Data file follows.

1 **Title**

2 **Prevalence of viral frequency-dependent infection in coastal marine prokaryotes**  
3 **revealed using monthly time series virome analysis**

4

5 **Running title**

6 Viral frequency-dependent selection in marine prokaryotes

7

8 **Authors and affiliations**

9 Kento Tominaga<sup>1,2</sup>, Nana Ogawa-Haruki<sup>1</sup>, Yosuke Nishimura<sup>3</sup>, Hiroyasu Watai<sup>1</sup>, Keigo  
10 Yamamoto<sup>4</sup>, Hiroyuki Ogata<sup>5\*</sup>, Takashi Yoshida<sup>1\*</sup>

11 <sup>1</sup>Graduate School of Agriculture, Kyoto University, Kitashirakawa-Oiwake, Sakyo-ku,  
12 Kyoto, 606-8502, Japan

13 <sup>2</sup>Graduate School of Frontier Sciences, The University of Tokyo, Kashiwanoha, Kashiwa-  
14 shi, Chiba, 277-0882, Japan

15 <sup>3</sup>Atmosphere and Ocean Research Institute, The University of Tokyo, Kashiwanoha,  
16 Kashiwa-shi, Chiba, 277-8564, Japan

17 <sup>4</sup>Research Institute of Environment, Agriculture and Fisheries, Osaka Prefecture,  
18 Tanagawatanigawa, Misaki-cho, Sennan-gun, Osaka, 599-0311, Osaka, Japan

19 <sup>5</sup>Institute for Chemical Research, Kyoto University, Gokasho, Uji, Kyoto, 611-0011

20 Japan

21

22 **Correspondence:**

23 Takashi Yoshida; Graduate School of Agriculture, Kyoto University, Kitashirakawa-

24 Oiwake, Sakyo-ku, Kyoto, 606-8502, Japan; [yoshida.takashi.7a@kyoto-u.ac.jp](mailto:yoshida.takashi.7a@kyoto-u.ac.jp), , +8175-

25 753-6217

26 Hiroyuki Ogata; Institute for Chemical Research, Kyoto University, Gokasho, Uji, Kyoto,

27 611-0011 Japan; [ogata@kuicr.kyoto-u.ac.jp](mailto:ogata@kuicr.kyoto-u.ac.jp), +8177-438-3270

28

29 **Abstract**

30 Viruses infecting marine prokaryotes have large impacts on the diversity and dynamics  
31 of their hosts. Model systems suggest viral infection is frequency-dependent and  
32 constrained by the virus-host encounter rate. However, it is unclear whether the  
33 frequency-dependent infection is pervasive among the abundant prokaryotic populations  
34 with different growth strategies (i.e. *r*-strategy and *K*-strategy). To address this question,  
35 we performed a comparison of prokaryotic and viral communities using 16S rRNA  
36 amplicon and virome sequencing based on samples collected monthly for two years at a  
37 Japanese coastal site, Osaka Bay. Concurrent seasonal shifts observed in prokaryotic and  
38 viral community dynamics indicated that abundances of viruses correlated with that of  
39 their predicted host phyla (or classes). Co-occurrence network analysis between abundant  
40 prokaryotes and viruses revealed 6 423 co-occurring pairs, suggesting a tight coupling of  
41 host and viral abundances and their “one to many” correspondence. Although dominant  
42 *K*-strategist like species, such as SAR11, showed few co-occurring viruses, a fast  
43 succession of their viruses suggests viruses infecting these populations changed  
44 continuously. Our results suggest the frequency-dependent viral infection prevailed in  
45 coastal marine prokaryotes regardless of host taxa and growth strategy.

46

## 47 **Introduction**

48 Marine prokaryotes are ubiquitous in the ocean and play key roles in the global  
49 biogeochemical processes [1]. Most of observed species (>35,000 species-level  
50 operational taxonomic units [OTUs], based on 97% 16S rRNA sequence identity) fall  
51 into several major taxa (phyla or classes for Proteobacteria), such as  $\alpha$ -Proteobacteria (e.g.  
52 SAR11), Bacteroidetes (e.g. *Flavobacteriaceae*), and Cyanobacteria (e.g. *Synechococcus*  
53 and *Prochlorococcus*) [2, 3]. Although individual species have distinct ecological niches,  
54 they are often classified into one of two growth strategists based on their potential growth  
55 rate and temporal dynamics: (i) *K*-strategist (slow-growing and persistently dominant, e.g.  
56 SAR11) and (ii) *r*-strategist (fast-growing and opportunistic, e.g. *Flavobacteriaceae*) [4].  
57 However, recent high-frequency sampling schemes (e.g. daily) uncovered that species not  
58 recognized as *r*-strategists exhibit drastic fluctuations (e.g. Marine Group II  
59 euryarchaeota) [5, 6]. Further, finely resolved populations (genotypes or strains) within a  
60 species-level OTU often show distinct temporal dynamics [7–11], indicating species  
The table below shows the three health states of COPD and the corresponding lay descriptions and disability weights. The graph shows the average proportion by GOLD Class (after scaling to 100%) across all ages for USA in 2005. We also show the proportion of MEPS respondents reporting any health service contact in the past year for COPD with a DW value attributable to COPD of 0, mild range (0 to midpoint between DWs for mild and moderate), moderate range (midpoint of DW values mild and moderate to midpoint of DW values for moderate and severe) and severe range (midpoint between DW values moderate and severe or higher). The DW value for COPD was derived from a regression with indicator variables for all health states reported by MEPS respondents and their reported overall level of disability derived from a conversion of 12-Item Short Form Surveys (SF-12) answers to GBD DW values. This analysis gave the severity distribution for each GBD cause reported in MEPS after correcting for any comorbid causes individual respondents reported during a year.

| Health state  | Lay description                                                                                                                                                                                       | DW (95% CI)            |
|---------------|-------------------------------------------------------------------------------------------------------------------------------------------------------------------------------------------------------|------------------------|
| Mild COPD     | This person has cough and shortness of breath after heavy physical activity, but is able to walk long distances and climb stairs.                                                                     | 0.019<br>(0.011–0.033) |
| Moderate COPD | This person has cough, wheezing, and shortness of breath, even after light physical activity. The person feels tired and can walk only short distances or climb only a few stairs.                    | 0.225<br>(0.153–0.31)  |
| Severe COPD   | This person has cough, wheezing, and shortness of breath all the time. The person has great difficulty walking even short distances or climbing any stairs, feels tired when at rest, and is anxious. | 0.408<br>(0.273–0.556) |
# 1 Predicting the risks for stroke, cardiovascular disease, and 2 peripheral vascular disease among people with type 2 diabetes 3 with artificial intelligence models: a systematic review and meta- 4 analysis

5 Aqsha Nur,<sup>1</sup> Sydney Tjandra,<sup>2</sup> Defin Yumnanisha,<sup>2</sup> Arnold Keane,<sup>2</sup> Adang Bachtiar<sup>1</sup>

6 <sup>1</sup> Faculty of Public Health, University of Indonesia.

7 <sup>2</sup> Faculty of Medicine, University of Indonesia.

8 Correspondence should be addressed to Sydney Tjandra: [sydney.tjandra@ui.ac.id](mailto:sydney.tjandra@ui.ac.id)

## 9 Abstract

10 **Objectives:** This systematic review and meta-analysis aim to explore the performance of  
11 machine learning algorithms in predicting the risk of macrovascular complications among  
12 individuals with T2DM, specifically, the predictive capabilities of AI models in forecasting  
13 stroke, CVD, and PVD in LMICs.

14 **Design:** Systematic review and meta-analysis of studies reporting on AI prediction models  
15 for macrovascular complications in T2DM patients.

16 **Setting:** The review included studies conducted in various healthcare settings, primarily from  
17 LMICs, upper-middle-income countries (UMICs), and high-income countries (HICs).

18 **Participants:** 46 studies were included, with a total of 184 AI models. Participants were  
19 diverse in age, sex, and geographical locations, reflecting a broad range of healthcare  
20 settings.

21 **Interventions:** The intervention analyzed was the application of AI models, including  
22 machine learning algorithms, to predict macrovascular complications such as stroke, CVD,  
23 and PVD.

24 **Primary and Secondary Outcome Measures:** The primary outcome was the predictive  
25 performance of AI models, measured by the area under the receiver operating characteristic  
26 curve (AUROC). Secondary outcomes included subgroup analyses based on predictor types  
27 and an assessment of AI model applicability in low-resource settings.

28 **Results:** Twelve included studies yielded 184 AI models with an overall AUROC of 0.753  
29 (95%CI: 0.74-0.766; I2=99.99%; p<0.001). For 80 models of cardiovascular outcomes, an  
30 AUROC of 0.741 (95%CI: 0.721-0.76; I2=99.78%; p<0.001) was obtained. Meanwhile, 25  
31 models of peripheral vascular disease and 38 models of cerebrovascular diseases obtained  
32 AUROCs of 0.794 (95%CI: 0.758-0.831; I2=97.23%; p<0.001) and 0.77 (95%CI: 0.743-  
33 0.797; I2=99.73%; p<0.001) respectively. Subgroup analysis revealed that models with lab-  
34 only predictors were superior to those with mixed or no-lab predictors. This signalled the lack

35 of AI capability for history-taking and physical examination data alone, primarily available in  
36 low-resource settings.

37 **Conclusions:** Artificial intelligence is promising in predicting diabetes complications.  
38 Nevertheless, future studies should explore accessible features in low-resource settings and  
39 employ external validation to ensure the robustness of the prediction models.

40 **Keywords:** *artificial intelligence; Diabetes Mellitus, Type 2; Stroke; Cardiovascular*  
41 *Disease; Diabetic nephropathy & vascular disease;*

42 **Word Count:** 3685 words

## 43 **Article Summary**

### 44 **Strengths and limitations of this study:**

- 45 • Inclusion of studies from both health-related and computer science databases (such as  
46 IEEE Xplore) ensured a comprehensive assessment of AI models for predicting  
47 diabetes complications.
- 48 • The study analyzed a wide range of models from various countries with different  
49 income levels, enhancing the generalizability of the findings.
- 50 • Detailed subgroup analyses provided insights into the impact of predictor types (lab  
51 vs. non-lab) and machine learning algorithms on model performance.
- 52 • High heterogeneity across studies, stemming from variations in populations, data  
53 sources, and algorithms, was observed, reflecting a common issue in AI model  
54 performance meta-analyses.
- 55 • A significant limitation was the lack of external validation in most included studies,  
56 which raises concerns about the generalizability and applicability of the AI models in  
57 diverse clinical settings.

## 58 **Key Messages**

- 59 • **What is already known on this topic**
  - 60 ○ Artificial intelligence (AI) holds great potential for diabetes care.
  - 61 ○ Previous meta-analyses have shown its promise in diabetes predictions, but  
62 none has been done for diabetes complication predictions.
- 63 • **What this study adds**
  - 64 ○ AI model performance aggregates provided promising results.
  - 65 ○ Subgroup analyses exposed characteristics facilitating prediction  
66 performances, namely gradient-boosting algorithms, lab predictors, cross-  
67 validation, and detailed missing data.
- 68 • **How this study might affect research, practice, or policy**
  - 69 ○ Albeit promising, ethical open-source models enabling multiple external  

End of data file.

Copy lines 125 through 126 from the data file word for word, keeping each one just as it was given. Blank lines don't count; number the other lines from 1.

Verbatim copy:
62 none has been done for diabetes complication predictions.
- 63 • **What this study adds**